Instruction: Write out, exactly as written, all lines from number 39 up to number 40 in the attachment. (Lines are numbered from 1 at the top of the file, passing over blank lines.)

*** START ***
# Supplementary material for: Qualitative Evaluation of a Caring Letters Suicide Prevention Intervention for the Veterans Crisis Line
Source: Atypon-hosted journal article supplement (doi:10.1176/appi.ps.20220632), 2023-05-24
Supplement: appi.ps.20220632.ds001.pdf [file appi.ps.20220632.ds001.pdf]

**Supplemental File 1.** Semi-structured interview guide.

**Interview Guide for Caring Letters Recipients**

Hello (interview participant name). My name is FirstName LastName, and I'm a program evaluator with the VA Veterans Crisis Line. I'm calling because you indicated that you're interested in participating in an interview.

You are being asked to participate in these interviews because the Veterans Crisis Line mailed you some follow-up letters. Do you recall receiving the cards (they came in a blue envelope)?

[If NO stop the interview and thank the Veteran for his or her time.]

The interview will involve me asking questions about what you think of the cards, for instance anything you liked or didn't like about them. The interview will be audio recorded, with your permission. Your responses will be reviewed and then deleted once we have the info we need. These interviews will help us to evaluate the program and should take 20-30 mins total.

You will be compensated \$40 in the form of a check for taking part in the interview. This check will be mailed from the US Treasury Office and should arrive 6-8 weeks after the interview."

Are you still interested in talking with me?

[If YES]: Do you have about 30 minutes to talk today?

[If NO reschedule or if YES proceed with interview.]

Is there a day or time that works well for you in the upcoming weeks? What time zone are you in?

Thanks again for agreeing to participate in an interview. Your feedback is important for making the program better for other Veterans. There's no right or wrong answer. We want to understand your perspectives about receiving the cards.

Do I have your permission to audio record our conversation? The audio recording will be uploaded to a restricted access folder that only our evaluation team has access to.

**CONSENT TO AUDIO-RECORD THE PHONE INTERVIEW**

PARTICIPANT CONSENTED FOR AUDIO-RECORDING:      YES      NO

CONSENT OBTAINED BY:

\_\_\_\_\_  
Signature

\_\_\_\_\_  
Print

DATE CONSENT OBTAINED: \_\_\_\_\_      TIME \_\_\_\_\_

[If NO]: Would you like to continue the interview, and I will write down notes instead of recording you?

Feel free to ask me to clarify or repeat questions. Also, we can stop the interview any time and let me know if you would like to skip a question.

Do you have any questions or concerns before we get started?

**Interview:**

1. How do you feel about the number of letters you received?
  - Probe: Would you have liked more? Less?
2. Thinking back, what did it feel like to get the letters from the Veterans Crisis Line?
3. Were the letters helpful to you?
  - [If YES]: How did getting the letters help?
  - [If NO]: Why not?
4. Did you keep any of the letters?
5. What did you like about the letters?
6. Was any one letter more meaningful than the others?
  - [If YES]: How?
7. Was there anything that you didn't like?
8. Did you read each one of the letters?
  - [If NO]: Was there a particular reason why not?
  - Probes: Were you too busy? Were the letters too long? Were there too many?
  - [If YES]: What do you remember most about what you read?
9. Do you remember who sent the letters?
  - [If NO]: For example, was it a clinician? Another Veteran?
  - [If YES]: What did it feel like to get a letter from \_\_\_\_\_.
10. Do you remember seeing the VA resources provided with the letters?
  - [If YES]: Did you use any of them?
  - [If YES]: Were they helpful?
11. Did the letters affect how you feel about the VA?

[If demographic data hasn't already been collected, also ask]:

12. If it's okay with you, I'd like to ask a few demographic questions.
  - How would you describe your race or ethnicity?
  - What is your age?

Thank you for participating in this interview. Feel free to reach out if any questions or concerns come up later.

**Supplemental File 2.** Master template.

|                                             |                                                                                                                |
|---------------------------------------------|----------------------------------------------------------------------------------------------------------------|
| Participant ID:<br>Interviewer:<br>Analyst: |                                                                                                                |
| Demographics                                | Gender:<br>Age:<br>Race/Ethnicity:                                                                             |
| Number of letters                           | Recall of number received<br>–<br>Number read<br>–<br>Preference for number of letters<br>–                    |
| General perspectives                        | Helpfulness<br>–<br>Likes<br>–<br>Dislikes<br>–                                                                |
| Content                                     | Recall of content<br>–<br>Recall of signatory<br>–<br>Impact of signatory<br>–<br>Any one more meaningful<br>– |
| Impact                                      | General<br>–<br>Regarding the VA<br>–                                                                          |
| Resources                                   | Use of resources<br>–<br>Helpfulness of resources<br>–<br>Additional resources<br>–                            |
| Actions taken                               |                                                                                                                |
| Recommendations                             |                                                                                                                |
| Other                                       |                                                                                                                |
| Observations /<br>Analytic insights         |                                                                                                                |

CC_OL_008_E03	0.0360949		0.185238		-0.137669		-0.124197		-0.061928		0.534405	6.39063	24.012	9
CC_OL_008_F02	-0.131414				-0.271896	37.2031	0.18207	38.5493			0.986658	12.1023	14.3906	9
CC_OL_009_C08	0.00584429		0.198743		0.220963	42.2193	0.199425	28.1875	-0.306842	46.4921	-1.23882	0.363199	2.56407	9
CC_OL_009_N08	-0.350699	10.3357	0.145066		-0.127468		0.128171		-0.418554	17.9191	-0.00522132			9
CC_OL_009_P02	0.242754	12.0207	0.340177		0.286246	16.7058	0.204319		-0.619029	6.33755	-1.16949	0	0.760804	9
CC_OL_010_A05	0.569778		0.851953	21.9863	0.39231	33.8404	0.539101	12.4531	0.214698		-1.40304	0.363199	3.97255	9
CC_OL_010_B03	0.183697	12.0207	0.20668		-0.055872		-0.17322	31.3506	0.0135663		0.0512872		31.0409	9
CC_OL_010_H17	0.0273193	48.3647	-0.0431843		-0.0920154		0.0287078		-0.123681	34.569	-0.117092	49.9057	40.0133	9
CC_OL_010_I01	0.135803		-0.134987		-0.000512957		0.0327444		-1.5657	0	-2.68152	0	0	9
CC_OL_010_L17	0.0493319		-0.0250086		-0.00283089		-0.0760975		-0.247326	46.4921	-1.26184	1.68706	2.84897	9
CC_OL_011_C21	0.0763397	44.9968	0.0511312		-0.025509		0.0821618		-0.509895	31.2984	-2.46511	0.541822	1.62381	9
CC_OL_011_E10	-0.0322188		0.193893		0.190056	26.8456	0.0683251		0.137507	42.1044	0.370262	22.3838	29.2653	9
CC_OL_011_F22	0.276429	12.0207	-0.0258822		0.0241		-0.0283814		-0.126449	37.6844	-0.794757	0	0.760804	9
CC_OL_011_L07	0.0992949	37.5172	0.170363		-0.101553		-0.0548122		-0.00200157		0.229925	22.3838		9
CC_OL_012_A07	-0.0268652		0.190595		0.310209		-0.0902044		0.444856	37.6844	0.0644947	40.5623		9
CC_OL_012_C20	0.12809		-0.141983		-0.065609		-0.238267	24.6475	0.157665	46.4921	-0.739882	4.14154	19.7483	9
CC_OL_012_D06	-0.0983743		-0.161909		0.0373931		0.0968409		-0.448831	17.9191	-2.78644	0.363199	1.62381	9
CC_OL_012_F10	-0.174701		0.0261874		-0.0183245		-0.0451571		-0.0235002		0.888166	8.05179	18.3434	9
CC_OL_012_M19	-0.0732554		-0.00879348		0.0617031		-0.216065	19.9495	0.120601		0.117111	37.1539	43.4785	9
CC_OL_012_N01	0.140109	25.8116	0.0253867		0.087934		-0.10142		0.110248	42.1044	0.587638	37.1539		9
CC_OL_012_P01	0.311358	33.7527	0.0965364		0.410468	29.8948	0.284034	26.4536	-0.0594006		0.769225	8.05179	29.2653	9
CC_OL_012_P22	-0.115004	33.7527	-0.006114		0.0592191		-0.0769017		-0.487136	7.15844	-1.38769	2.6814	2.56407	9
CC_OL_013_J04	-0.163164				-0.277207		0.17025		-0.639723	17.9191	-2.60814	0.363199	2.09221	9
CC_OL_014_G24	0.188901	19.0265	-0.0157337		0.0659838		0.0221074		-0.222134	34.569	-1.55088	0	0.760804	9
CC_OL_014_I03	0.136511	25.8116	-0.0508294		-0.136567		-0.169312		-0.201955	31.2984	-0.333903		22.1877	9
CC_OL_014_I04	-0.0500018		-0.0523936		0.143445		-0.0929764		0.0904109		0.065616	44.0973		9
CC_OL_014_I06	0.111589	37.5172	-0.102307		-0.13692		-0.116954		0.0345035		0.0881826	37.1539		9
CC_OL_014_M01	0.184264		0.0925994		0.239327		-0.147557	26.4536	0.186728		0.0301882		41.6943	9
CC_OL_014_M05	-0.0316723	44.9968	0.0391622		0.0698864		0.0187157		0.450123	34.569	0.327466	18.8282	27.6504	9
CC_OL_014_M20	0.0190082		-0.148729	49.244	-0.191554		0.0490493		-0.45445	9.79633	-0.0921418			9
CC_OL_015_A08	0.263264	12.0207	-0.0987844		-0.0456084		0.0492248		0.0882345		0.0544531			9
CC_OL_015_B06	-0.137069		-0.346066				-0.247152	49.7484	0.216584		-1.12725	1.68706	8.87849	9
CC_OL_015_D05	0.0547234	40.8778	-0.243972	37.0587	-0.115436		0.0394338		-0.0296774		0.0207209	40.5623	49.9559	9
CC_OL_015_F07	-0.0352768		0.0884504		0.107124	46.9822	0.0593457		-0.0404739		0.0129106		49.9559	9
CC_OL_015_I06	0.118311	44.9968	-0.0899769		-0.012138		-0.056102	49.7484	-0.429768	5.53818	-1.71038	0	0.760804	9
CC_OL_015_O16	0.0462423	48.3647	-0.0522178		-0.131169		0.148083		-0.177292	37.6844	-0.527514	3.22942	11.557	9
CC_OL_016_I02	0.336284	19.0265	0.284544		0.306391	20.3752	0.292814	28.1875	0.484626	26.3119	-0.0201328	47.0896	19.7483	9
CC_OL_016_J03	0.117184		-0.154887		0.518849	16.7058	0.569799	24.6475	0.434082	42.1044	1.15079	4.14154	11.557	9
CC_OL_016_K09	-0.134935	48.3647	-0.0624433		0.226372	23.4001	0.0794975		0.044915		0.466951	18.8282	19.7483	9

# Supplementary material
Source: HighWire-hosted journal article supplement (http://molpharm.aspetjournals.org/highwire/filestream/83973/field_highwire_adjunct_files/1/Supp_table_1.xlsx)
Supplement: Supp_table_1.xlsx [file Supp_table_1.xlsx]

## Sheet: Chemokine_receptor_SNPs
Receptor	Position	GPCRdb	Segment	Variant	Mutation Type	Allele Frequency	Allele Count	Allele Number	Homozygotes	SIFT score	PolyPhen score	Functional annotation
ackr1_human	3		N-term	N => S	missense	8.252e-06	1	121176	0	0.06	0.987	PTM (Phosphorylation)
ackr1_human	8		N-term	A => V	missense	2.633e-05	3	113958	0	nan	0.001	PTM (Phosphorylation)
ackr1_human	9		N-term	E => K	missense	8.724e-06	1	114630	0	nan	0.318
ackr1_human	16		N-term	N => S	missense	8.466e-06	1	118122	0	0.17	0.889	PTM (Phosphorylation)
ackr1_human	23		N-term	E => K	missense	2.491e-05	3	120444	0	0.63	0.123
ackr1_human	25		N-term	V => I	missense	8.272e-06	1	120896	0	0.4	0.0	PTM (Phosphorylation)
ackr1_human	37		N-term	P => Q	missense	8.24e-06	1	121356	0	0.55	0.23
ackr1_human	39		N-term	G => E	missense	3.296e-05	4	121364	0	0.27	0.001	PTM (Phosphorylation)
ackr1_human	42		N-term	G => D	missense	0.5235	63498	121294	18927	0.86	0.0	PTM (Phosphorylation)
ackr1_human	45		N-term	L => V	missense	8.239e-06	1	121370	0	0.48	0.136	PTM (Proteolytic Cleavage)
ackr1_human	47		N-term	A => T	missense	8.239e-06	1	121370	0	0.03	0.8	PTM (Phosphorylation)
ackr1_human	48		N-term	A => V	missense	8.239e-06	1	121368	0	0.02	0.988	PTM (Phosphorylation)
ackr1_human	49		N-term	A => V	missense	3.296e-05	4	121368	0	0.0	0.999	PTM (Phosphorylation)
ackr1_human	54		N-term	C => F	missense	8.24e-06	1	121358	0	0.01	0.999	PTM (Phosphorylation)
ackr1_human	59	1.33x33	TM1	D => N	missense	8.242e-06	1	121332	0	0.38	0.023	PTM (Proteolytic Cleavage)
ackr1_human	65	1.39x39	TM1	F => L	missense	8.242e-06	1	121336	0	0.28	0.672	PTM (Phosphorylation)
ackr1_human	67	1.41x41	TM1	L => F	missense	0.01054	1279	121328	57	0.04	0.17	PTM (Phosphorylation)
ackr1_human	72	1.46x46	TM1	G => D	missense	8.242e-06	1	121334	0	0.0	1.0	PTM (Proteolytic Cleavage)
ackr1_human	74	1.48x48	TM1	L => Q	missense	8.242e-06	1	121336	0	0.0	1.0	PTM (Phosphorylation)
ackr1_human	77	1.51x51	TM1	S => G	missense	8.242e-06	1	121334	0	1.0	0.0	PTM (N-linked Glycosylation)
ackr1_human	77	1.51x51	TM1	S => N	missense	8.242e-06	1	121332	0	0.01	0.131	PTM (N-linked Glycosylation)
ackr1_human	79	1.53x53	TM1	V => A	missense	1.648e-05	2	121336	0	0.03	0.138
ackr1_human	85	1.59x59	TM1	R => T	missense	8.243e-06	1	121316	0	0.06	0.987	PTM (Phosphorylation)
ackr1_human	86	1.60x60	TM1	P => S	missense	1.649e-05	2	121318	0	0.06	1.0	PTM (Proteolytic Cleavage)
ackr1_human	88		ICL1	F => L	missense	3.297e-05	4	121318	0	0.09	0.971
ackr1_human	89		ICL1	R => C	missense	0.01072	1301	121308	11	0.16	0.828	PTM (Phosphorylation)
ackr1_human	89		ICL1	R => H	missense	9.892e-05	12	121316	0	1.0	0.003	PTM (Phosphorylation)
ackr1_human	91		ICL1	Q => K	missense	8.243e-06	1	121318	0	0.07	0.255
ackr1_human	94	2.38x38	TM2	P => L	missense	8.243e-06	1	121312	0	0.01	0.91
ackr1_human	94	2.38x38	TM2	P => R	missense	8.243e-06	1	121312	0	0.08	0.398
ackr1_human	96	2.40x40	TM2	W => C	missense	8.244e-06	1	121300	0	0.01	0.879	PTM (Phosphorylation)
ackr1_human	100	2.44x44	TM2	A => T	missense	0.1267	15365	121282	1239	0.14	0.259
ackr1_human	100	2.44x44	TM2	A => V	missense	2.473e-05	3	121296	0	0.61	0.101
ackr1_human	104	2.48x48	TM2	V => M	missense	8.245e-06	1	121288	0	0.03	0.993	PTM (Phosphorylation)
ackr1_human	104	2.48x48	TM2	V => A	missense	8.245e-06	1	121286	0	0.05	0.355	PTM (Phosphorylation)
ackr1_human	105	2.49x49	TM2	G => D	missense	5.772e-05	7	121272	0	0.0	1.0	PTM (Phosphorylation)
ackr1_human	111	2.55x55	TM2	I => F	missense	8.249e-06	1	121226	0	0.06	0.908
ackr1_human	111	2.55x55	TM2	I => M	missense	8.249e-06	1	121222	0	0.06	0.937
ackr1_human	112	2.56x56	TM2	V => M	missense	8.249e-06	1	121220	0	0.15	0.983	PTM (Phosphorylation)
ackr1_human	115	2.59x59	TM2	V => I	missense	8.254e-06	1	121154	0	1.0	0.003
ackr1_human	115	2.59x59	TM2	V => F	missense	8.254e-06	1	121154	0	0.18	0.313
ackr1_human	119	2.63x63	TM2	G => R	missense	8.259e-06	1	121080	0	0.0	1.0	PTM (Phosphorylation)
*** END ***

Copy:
7. Was there anything that you didn't like?
8. Did you read each one of the letters?